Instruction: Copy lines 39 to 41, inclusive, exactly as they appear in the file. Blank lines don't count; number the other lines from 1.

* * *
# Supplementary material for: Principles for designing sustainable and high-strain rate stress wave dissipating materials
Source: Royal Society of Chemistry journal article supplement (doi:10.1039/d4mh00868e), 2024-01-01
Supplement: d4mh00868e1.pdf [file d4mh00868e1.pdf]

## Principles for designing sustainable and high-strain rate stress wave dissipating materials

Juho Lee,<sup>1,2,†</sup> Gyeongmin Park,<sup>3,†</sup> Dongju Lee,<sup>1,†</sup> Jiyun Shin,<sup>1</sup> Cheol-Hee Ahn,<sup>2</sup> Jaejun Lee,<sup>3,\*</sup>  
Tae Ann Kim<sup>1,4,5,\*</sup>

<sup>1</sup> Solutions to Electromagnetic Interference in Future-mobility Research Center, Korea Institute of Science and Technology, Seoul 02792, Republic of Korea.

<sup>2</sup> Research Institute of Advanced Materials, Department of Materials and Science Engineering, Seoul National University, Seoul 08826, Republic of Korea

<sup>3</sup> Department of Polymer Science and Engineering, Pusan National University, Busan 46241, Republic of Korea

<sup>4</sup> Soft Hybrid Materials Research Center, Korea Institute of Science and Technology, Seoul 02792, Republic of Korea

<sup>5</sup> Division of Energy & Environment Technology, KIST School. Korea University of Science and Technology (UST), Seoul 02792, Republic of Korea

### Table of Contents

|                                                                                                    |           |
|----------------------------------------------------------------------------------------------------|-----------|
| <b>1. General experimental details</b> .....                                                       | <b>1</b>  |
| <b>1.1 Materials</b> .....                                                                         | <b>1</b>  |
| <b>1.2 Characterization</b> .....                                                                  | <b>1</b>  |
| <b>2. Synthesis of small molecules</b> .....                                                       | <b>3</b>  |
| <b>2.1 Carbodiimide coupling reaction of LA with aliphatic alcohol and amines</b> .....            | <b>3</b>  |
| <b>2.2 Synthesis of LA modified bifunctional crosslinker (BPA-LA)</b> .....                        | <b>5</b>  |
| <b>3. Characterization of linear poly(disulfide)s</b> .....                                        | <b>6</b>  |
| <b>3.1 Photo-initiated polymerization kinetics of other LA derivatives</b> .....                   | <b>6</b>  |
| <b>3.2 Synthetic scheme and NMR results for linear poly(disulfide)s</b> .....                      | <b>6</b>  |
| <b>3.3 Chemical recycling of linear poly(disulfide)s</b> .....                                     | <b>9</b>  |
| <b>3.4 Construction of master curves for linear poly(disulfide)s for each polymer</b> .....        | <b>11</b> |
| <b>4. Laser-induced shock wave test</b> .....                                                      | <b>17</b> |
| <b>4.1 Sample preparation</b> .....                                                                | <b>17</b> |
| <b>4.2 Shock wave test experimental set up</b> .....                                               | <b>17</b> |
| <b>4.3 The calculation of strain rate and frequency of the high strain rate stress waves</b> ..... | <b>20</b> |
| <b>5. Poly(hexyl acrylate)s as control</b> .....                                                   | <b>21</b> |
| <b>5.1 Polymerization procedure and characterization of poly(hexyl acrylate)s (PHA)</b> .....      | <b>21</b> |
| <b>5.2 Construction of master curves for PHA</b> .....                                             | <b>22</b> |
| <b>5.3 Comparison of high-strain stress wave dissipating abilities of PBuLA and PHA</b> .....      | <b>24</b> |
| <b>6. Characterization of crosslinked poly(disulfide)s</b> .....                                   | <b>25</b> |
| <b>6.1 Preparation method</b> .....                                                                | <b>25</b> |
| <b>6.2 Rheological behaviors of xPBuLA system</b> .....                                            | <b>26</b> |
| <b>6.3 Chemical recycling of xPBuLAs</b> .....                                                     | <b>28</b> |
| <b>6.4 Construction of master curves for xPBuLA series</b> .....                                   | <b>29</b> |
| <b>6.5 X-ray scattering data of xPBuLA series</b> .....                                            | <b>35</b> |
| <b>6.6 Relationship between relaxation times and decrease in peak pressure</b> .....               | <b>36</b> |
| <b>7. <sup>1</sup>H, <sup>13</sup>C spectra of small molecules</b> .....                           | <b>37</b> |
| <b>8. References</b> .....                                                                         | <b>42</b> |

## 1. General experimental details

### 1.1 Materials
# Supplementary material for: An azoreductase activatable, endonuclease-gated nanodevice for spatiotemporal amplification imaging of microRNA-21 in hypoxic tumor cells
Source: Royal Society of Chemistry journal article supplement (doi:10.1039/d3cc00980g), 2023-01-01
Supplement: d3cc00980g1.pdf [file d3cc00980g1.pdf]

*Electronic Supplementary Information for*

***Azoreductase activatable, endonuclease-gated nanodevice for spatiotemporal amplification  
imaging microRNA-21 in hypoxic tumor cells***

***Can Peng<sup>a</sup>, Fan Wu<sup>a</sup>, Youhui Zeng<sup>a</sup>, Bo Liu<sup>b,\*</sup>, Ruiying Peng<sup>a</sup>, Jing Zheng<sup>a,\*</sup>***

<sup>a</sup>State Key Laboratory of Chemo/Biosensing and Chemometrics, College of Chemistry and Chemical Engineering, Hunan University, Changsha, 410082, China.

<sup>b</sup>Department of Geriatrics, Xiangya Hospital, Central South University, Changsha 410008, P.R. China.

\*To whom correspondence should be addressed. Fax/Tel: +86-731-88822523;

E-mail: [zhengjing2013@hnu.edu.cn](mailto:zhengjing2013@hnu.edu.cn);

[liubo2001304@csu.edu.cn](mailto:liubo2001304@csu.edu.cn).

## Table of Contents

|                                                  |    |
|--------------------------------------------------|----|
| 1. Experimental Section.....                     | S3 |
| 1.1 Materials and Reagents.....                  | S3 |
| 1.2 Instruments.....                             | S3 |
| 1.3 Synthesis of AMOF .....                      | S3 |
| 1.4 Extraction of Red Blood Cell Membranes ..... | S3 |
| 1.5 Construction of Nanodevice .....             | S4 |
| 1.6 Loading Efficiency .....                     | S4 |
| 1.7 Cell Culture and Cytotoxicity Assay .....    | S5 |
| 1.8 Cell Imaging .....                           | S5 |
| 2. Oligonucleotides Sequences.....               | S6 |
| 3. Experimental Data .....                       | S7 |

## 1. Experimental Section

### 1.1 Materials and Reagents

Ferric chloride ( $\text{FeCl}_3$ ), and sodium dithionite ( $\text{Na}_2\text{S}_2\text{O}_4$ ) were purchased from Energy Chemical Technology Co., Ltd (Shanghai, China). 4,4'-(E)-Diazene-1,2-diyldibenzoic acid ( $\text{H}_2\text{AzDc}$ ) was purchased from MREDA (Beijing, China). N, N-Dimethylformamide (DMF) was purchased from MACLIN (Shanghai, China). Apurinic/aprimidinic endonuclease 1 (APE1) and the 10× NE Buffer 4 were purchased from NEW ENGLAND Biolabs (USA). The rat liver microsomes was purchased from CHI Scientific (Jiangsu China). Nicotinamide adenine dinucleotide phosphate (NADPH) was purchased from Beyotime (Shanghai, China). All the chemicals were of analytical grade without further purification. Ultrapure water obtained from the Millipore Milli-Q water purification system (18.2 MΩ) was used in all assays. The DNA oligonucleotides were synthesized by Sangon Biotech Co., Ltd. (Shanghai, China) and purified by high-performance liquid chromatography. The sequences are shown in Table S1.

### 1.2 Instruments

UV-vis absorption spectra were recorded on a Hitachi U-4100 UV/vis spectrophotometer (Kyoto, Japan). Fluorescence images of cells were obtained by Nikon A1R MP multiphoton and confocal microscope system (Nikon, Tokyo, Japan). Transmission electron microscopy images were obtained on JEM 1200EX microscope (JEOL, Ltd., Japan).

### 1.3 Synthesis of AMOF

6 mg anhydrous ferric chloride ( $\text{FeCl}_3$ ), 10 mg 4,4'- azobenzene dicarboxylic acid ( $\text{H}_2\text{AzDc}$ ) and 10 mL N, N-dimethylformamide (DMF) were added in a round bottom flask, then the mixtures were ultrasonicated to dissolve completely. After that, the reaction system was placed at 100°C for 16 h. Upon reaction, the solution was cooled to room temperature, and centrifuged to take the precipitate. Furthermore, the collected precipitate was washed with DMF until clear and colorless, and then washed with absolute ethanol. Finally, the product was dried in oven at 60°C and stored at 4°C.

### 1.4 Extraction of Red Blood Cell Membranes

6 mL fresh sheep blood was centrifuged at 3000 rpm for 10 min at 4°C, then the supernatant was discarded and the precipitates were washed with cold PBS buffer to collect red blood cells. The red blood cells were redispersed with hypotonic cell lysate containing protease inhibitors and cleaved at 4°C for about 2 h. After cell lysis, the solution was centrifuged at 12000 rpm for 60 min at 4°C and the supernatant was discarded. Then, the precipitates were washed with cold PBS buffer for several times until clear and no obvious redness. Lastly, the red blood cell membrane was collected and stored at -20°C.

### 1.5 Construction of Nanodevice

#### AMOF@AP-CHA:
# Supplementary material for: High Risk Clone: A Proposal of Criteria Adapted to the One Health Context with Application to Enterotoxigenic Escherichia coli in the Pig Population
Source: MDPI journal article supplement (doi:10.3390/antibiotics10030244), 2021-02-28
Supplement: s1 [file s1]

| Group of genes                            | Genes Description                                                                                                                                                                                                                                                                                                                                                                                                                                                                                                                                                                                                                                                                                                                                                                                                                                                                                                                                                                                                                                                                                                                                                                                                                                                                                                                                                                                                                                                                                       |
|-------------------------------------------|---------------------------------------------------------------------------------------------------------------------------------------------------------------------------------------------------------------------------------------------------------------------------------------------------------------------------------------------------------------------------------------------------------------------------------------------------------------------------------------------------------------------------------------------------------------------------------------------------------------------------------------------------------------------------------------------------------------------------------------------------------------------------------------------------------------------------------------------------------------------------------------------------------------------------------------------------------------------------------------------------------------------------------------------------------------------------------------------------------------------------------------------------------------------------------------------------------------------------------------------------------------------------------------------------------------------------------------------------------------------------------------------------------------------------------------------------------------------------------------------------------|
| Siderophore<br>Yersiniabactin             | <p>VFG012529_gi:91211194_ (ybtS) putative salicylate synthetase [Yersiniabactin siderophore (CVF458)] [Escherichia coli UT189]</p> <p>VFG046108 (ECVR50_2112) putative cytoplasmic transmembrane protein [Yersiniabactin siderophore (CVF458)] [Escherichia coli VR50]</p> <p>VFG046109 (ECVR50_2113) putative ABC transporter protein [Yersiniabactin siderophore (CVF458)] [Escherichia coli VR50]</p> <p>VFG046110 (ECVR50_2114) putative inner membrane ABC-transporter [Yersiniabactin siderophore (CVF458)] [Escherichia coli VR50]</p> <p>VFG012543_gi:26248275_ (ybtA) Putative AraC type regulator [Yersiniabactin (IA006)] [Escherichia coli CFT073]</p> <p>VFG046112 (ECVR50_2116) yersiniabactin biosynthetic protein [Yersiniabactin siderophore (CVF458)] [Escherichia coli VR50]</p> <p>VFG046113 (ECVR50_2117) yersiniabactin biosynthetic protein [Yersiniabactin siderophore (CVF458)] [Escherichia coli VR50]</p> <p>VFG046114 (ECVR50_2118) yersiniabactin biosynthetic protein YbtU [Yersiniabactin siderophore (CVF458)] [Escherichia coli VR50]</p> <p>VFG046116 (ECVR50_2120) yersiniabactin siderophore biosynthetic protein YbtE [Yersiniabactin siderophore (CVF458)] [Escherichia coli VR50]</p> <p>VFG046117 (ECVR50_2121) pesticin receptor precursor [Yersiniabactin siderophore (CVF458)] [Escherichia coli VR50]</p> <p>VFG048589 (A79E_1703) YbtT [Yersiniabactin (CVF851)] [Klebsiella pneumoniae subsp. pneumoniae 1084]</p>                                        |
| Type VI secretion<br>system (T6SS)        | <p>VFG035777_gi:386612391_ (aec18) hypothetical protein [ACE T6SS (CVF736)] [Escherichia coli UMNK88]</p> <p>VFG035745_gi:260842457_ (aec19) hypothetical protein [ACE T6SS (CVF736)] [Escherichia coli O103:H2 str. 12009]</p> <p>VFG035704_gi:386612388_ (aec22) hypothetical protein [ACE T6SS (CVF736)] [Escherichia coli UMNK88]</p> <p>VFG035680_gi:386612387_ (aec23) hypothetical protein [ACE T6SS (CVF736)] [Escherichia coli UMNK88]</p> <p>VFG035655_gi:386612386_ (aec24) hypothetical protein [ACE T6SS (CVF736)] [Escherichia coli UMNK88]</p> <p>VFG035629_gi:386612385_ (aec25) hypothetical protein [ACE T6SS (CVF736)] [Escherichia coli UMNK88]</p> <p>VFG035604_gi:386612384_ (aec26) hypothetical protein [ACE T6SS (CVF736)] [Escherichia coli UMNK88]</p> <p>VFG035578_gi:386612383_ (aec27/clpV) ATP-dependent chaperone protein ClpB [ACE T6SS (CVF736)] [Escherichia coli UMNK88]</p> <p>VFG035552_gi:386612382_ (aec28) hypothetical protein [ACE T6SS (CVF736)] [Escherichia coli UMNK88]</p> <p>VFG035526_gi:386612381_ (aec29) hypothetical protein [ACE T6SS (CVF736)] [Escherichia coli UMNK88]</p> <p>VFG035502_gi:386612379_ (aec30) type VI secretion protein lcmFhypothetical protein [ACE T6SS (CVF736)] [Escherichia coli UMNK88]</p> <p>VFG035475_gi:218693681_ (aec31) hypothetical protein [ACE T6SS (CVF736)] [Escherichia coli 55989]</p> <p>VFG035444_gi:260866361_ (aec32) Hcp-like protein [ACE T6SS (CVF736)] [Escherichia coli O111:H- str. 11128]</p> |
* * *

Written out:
| <b>6.5 X-ray scattering data of xPBuLA series</b> .....                                            | <b>35</b> |
| <b>6.6 Relationship between relaxation times and decrease in peak pressure</b> .....               | <b>36</b> |
| <b>7. <sup>1</sup>H, <sup>13</sup>C spectra of small molecules</b> .....                           | <b>37</b> |